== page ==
This is a simplistic way to put it, but since donors, funders and voters can have a big say in what money gets spent on and what policies are approved, it is worrying that the complexities of meaningful and sustainable development practice are not discussed more openly and given more public prominence. The media is interested when a situation is dire, and charity fundraising adverts highlight the desperate need to persuade people to dig deep. Then charities want to show their impact, and show that it was all worthwhile, and the story is dominated by smiling children and carefree communities whose needs have been met thanks to the change the charity brought about. The hard work of development - the capacity-building workshops in target communities, the painstaking negotiations with local and national government, the engagement of community stakeholders - this gets far less press. And yet this is where the money is spent - or certainly where a lot if it should be. But salaries and administration costs do not sound worthwhile to donors who want to see more children going to school. A school does seem important.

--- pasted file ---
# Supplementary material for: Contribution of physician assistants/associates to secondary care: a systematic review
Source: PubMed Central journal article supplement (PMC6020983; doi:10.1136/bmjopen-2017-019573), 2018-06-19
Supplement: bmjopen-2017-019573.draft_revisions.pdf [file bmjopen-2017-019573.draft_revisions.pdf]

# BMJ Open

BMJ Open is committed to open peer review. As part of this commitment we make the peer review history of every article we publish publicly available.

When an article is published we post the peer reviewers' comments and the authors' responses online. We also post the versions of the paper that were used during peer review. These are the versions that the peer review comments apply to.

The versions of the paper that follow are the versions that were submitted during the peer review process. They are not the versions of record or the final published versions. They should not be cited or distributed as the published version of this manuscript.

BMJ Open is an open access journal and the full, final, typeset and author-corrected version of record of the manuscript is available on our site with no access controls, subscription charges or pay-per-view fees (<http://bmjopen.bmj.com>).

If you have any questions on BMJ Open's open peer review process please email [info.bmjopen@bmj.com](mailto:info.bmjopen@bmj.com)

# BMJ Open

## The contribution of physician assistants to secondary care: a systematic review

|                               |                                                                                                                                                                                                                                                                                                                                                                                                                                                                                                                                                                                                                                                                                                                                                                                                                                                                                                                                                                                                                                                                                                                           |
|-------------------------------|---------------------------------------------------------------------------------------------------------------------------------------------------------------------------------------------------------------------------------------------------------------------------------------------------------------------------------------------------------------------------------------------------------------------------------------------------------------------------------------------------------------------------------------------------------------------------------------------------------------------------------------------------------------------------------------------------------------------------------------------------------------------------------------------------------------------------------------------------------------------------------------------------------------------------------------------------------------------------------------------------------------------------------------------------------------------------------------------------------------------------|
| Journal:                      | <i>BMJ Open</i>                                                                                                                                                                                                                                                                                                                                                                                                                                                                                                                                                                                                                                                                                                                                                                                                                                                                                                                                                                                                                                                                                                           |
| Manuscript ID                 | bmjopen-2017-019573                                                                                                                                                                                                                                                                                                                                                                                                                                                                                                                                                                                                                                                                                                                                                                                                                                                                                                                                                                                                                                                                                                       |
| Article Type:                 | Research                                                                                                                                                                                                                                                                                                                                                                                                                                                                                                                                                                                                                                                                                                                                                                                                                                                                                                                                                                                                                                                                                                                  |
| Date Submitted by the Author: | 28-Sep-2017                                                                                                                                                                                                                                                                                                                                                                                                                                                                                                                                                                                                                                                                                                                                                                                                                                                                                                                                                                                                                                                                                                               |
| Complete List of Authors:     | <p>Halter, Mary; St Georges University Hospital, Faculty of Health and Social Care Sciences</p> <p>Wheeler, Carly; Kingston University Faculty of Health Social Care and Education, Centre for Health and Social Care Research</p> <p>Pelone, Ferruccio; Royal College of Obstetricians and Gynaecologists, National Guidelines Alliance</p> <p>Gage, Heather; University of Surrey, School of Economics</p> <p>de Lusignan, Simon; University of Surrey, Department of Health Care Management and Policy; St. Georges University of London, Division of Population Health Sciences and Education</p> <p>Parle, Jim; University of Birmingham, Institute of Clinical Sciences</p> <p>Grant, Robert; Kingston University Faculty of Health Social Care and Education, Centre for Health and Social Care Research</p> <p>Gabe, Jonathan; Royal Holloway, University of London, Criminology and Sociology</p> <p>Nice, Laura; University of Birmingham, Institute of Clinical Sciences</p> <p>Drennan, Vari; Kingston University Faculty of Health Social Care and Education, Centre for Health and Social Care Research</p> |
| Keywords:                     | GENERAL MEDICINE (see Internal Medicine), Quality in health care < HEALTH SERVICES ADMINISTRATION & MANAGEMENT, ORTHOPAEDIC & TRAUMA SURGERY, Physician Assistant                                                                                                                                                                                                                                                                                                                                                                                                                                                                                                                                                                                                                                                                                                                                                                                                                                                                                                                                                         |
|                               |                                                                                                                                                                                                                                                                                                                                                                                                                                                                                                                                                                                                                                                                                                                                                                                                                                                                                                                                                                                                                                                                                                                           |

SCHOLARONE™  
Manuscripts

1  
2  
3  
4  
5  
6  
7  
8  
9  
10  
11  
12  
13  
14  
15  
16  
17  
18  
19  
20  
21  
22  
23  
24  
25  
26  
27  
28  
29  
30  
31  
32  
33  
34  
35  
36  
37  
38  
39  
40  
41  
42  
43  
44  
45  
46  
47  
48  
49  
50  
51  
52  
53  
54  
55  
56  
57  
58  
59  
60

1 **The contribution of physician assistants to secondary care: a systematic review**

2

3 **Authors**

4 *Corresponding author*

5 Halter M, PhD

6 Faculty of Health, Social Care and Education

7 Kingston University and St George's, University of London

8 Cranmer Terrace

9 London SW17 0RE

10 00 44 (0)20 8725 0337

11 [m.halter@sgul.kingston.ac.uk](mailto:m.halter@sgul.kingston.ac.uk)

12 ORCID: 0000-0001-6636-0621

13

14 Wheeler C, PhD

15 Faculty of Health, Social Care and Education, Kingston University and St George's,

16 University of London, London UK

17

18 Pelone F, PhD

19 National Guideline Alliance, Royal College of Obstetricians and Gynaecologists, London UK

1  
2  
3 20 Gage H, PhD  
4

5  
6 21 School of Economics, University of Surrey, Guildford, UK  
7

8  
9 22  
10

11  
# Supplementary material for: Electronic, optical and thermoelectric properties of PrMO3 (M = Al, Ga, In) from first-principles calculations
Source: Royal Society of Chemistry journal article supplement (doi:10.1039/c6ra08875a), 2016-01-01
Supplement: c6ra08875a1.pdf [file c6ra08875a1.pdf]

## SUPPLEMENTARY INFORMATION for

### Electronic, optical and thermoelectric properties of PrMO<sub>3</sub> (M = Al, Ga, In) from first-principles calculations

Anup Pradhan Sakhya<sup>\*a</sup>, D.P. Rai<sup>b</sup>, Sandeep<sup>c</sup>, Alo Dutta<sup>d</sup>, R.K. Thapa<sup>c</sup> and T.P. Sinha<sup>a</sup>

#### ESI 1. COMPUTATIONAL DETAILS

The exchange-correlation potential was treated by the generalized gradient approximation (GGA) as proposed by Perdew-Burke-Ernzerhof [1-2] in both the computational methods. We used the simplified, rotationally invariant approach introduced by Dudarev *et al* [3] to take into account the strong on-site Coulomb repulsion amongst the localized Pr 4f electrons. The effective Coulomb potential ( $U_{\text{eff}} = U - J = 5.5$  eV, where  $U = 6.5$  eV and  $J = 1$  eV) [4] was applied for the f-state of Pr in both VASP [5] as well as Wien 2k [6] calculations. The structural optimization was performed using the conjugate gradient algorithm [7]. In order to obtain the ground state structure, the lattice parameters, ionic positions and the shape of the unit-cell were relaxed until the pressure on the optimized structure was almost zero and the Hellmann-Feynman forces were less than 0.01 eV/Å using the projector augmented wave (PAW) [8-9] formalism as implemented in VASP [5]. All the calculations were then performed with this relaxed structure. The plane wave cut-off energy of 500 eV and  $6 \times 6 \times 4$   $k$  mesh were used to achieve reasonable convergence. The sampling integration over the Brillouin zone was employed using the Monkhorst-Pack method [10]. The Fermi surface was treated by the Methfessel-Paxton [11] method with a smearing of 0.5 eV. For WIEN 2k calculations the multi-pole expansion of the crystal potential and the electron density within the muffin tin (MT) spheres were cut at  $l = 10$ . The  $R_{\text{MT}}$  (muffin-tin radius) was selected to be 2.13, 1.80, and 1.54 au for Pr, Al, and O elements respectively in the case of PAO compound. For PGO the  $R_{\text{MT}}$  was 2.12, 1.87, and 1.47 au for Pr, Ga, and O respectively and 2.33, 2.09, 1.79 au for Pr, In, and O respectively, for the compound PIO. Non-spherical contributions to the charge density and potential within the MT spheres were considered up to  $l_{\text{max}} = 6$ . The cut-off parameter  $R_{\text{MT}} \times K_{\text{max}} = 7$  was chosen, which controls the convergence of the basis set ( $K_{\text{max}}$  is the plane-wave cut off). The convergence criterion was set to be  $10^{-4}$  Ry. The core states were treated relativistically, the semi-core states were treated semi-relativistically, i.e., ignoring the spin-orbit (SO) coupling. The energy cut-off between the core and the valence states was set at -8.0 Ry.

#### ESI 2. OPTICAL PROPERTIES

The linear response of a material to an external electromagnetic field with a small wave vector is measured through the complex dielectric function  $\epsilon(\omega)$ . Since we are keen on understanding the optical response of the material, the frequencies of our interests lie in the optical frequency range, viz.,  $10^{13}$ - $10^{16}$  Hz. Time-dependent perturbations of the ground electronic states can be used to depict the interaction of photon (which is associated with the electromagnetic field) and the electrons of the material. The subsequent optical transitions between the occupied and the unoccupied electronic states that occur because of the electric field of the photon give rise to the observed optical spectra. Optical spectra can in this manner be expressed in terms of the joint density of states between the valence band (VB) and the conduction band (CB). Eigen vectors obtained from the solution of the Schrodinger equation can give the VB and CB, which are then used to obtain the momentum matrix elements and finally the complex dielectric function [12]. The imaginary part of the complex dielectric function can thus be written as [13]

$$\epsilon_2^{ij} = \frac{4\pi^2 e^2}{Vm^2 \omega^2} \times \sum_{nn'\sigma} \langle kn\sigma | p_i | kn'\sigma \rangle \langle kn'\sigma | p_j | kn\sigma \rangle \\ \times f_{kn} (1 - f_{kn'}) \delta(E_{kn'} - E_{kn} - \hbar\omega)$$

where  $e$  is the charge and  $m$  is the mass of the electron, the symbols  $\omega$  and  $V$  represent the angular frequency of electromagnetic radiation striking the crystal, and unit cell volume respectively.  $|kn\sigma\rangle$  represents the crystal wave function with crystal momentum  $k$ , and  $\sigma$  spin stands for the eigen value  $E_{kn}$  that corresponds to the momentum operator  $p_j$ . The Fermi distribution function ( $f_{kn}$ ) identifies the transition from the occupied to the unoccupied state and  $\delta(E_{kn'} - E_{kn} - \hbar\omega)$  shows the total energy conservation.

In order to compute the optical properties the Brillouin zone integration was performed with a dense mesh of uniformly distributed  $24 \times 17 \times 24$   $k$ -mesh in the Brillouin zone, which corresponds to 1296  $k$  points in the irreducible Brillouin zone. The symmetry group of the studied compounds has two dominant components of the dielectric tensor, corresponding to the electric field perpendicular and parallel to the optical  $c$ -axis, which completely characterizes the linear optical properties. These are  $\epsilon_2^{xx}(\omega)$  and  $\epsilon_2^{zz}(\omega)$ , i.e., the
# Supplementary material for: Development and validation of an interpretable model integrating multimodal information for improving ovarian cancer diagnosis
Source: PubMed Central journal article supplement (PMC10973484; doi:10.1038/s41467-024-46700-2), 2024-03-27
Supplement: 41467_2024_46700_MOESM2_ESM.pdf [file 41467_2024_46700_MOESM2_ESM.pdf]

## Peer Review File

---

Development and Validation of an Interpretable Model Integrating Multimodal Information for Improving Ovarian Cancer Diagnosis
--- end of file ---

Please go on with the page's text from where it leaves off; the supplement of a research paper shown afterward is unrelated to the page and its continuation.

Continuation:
In the past few years PhotoVoice has prioritised international development as a target area for improved participation and community voice. For the work of international agencies to have validity as a force for positive development, the communities they seek to benefit must be informed, engaged and active in the process. Too often in the history of development this has not been the case - leading to inappropriate interventions and unsustainable improvements that cease to have any impact after the direct work of the outside agency ceases. Furthermore, economic and infrastructural development of a community can entrench or increase inequality if it does not make efforts to involve and empower all levels of communities it engages. Development programmes are bound to bring change, but it is not a simple thing to ensure that a change is positive for everyone in a community, or that it will last.